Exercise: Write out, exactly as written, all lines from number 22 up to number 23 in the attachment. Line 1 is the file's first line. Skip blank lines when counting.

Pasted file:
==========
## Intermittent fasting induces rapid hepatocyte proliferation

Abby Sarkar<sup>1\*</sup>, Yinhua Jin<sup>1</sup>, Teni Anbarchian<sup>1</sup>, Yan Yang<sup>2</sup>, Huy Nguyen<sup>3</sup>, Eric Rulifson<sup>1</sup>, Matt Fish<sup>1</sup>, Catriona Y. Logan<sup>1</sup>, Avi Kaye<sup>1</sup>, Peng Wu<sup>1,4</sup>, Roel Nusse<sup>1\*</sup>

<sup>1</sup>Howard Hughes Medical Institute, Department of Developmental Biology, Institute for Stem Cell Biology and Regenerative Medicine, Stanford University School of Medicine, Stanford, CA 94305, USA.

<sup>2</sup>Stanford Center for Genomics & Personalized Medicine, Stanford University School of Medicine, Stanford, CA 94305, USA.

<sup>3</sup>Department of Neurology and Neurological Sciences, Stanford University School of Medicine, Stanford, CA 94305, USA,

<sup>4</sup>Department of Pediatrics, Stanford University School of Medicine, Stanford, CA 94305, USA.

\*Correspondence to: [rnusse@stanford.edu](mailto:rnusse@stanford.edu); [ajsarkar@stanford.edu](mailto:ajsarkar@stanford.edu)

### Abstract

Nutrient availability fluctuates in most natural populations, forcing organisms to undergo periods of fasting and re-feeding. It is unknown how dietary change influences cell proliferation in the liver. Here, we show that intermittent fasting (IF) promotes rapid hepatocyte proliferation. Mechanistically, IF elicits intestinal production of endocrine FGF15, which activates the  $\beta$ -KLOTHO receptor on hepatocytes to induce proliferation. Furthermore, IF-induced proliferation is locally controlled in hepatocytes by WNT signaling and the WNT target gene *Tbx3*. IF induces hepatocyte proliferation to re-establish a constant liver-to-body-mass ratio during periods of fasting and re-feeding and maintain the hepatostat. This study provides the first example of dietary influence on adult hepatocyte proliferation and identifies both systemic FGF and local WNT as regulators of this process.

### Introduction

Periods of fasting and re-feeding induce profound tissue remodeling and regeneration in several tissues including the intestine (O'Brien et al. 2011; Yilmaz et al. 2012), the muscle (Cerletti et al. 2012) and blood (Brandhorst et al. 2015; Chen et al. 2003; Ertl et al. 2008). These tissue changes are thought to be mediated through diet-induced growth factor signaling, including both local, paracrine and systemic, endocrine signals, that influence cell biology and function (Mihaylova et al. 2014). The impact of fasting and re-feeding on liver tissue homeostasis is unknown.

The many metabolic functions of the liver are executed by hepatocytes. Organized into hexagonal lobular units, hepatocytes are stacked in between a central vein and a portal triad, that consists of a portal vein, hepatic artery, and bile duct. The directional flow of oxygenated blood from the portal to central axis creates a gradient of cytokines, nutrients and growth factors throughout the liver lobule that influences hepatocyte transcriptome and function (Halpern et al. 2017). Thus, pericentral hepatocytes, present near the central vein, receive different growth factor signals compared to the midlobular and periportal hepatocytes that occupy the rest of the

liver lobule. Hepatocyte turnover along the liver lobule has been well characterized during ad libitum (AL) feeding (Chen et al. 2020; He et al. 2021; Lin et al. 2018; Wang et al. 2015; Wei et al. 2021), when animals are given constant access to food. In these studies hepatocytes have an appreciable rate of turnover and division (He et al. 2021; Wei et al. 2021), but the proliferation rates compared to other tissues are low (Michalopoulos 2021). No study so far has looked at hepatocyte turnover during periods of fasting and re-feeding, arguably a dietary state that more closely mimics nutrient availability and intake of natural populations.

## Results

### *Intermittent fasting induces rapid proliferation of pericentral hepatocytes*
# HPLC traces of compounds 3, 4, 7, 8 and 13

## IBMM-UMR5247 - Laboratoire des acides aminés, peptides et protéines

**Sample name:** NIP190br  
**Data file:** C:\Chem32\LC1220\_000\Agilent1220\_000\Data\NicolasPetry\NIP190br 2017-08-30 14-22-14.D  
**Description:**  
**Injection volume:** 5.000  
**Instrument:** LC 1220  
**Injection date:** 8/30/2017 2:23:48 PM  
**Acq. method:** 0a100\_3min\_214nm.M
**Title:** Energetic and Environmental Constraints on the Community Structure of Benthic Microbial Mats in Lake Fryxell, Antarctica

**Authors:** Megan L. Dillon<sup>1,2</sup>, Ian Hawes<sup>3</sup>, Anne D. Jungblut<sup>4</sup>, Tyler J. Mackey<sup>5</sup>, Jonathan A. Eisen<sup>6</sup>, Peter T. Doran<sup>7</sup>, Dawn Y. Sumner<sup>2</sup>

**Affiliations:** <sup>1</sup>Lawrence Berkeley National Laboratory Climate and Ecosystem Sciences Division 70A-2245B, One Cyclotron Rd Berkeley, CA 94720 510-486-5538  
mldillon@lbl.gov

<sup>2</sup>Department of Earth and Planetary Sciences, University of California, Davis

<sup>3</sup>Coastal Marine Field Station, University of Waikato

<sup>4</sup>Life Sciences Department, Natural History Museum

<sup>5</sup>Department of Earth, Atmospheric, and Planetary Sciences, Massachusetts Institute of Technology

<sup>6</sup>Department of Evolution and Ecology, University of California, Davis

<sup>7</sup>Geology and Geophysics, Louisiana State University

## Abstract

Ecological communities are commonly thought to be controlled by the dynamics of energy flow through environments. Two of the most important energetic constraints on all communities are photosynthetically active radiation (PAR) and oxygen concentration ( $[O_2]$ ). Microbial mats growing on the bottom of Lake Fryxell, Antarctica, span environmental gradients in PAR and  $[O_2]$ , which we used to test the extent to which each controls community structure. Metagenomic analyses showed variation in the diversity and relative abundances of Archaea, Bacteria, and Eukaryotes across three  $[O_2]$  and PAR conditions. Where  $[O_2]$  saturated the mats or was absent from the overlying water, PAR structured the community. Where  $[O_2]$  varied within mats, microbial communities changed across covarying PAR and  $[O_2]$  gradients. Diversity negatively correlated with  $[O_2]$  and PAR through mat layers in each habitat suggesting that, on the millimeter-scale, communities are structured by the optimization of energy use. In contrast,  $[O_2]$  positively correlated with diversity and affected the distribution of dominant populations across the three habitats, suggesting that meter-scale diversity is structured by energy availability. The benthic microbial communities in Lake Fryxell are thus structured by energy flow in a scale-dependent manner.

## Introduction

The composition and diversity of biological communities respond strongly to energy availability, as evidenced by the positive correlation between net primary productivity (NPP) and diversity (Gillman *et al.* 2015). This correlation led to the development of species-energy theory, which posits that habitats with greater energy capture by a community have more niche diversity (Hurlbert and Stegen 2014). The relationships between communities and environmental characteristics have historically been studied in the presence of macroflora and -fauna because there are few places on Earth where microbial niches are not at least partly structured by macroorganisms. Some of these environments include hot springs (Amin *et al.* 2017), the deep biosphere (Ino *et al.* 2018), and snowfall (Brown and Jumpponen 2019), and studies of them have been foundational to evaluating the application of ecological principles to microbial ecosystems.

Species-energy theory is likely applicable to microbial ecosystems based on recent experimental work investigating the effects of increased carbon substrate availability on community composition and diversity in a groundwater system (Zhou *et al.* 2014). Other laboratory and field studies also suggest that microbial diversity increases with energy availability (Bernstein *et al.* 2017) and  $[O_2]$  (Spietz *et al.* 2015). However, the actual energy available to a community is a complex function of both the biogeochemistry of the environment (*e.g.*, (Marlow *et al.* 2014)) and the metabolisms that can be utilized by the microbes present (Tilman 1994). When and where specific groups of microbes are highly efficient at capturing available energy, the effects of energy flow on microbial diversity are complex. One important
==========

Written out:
**Instrument:** LC 1220  
**Injection date:** 8/30/2017 2:23:48 PM  